John Jerome's spinal cord shines white beneath the surgeons' headlamps, crisscrossed by a web of bright-red blood vessels. He's been on the operating table for more than four hours.
Above the fist-sized opening in his neck hangs a complex steel contraption. It's fixed in place by four posts: two wedged into Jerome's skull and two more in the vertebrae below the surgical wound. Invented by Emory neurosurgeon Nick Boulis, MD, it serves a single purpose: To hold steady the thin needle plunged into Jerome's spinal cord. If it breaks, it could kill him.
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A thin tube runs from the needle through the device and over to a small nearby table. At the table, concentrating intensely, Jonathan Glass, MD, is pumping stem cells into the tube from a small vial. On huge high-definition monitors, magnified images show Boulis plunge the needle directly into Jerome's naked spinal cord. The tube flexes. The doctors, nurses, technicians, and observers in the room hold their collective breath.
Glass counts down the time left in the infusion. Nobody speaks. The needle comes out. Boulis moves it a few millimeters, and coaxes it back into the spinal cord. Another vial of stem cells starts trickling through the tube.
A Deadly Disease
The journey that landed Jerome on that operating table started with a marathon. Like many runners training for a marathon, Jerome felt something go wrong with his stride -- and then there was this pain in his left knee. He underwent knee surgery, and the doctors told him the strength in his leg would return to normal.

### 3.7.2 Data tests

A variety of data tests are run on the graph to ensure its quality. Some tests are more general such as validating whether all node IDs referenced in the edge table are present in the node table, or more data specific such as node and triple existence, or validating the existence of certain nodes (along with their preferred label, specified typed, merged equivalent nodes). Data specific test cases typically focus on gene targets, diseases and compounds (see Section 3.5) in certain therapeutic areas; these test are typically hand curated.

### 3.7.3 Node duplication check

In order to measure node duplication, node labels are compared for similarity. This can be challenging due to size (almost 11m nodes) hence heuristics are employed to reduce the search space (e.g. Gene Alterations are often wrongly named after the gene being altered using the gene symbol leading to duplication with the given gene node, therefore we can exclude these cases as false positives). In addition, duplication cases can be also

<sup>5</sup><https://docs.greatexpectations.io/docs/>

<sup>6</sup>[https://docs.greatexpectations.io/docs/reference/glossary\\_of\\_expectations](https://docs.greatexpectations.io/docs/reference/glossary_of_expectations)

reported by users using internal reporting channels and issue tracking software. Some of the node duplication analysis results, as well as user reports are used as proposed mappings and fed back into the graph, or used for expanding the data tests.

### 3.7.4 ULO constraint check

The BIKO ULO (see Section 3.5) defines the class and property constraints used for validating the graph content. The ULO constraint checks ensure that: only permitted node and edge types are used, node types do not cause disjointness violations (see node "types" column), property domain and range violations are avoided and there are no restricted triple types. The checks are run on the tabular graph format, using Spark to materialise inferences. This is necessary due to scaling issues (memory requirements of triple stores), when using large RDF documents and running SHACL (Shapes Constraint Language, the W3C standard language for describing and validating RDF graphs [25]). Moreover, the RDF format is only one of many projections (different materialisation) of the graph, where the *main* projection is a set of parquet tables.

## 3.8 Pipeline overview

It didn't. A year later, the same thing happened with his right leg. Over the next months Jerome's balance became less steady. And then his speech got noticeably slower. He checked his symptoms on WebMD. Then he made an appointment with a neurologist. He asked his wife, Donna, to come along.
"While he was doing some tests, he was kind of going, 'Mmmmm...,'" Jerome, 50, recalls, making that dreadful moaning sound you never want to hear from a doctor. "Then he goes, 'Well, I believe you have ALS, Lou Gehrig's disease.' I knew from going on WebMD I might have it. I hoped not. But that wasn't the case. It was devastating." He was 41 years old at the time.
Amyotrophic lateral sclerosis (ALS) is the disease that struck down baseball great Lou Gehrig and now bears his name. It's better understood as motor neuron disease, because these are the cells that waste away or die. They stop sending messages to the muscles. Eventually, the muscles that control breathing no longer work.
Neurologist Jonathan Glass now has treated about 2,000 ALS patients. He's writing a paper on what he's learned from the first 1,200 who died. He recently told a 45-year-old man with two teenage kids that he was going to die. For Glass, this was not an unusual day.